ROGER BURBACH is director of the Center for the Study of the Americas (CENSA) and a Visiting Scholar at the Institute of International Studies, University of California, Berkeley. He is co-author with Jim Tarbell of “Imperial Overstretch: George W. Bush and the Hubris of Empire,” His latest book is: “The Pinochet Affair: State Terrorism and Global Justice.

 

 

More articles by:

ROGER BURBACH is the director of the Center for the Study of the Americas (CENSA) and a Visiting Scholar at the University of California, Berkeley and author of The Pinochet Affair.

Weekend Edition
May 29, 2020
Friday - Sunday
Nick Pemberton
White Supremacy is the Virus; Police are the Vector
T.J. Coles
What’s NATO Up to These Days? Provoking Russia, Draining Healthcare Budgets and Protecting Its Own from COVID
Benjamin Dangl
Bibles at the Barricades: How the Right Seized Power in Bolivia
Kevin Alexander Gray - Jeffrey St. Clair - JoAnn Wypijewski
There is No Peace: an Incitement to Justice
Jeffrey St. Clair
A Few Good Sadists
David Schultz
Trump isn’t the Pope and This Ain’t the Middle Ages
Joshua Frank
In Search of a Lost Socialism
Charles Pierson
Who are the “Wrong Hands” in Yemen?
Andrew Levine
Trump Is Unbeatable in the Race to the Bottom and So Is the GOP
Ramzy Baroud
Political Ambiguity or a Doomsday Weapon: Why Abbas Abandoned Oslo
Pam Martens - Russ Martens
A Growing Wave of Bankruptcies Threatens U.S. Recovery
Joseph Natoli
Conditions Close at Hand
N.D. Jayaprakash
No Lessons Learned From Bhopal: the Toxic Chemical Leak at LG Polymers India 
Ron Jacobs
The Odyssey of Elias Demetracopoulos
J.P. Linstroth
Arundhati Roy on Indian Migrant-Worker Oppression and India’s Fateful COVID Crisis
Melvin Goodman
Goodness Gracious, David Ignatius!!
Roger Harris
Blaming the COVID-19 Pandemic on Too Many Humans:  a Critique of Overpopulation Ideology
Sonali Kolhatkar
For America’s Wealthiest, the Pandemic is a Time to Profit
Prabir Purkayastha
U.S. Declares a Vaccine War on the World
David Rosen
Coronavirus and the Telecom Crisis
Paul Buhle
Why Does W.E.B. Du Bois Matter Today?
Mike Bader
The Only Way to Save Grizzlies: Connect Their Habitats
Dave Lindorff
Pandemic Crisis and Recession Can Spark a Fight for Real Change in the US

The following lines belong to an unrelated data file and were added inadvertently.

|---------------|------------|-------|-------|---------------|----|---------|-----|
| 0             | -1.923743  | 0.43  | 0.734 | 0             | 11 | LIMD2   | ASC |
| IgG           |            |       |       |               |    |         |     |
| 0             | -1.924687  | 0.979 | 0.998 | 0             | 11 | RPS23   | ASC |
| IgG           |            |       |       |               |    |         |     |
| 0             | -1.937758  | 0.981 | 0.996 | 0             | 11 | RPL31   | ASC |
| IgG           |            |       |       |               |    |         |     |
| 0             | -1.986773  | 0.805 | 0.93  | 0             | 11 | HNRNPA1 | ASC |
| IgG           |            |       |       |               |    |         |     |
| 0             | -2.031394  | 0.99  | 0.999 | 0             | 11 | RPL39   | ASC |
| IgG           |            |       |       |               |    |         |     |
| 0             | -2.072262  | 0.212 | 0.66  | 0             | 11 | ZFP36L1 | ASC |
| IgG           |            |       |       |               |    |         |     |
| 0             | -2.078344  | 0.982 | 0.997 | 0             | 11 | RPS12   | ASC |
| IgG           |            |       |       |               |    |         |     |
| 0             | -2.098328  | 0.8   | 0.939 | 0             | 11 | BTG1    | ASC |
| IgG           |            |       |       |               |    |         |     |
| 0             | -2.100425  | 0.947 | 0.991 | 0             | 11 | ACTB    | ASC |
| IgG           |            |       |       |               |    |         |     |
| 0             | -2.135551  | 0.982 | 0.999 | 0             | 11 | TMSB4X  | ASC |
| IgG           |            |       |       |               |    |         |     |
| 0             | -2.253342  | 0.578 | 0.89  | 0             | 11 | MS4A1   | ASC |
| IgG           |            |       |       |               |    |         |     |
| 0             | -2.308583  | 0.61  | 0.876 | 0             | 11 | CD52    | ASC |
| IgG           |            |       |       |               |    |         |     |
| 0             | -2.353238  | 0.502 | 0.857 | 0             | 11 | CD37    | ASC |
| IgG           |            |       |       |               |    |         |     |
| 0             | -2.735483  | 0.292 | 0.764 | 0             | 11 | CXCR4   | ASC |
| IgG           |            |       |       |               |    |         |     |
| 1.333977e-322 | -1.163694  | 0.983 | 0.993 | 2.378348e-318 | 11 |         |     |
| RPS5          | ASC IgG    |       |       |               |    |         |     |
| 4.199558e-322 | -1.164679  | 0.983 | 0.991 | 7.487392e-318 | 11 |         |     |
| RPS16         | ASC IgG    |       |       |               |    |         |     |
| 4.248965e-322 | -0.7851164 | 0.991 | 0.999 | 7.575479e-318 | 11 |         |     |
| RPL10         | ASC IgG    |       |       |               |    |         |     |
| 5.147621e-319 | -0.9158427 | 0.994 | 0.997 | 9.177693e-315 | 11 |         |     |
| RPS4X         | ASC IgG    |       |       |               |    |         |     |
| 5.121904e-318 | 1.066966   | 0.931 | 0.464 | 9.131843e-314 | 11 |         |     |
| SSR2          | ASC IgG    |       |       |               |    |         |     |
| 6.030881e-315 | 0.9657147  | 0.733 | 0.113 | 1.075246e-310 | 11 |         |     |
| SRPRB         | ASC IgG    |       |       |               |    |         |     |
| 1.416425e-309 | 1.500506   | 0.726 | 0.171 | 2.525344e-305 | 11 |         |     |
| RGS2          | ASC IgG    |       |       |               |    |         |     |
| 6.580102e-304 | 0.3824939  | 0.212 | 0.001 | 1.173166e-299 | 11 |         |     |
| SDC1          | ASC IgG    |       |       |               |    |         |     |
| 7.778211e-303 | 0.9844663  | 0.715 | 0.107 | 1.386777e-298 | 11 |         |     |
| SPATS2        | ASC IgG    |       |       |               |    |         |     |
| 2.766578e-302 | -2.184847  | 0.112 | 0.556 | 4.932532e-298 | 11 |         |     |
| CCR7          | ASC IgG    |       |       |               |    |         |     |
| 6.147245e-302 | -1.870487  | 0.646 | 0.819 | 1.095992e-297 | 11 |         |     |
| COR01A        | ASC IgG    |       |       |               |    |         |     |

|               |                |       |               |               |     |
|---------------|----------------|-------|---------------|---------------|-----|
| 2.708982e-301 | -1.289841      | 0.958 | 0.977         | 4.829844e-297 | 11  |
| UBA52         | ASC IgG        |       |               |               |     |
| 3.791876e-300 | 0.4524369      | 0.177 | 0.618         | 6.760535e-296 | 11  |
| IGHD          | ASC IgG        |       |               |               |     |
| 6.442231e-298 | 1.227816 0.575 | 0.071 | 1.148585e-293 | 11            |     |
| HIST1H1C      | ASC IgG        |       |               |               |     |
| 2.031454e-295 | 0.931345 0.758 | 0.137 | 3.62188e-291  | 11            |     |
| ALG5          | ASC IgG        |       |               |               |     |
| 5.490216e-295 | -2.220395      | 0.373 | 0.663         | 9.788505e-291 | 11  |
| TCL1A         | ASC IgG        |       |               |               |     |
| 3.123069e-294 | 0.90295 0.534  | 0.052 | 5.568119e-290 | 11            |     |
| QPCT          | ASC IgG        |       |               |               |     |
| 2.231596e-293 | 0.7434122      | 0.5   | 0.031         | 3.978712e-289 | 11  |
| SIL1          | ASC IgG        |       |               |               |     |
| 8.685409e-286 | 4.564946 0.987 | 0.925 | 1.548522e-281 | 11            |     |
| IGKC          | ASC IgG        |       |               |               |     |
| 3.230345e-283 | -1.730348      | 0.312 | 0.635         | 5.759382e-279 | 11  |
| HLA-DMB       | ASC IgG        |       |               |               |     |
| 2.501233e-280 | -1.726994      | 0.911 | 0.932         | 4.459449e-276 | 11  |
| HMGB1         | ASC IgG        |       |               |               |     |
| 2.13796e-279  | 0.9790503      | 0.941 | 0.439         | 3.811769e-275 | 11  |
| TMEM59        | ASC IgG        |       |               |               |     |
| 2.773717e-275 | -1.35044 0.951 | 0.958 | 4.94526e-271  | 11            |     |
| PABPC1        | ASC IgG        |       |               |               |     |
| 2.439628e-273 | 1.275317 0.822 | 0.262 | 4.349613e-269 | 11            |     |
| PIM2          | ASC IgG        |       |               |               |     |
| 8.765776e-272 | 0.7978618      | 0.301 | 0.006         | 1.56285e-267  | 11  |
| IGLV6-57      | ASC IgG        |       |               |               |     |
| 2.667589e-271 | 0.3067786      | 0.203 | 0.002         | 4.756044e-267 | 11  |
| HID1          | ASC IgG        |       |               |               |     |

Nyla Ali Khan
The Sociopolitical and Historical Context That Shaped Kashmiri Women Like My Grandmother in the 1940s
Louis Proyect
Does Neo-Feudalism Define Our Current Epoch?
Ralph Nader
S. David Freeman: Seven Decades of Participating in Power for All of Us
Norman Solomon
Amy Klobuchar, Minneapolis Police and Her VP Quest
Maria Paez Victor
Venezuela in the 2020 Pandemic
Ron Mitchell
Defending Our Public Lands: One Man’s Legacy
Nomi Prins 
The Great Depression, Coronavirus Style: Crashes, Then and Now
Richard C. Gross
About That City on A Hill
Kathleen Wallace
An Oath for Hypocrites
Eve Ottenberg
Common Preservation or Extinction?
Graham Peebles
Air Pollution Mental Illness and Covid-19
ADRIAN KUZMINSKI
Unearned Income for All
Evan Jones
The Machine Stops
Nicky Reid
Proudhon v. Facebook: A Mutualist Solution to Cyber Tyranny
Kollibri terre Sonnenblume
What is a “Native” Plant in a Changing World?
Shailly Gupta Barnes
Why are Our Leaders Still Putting Their Faith in the Rich?
John Kendall Hawkins
In Search of the Chosŏn People of Lost Korea
Nick Licata
How Hydroxychloroquine Could Help Trump…Politically
Jill Richardson
Tens of Millions of Are Out of Work, Why on Earth is Trump Trying to Cut Food Aid?
Susan Block
Incel Terrorism
Mitchel Cohen
Masks and COVID-19: an Open Letter to Robert Kennedy Jr and Children’s Health Defense
May 28, 2020
Melvin Goodman
Trump’s War on Arms Control and Disarmament
FacebookTwitterRedditEmail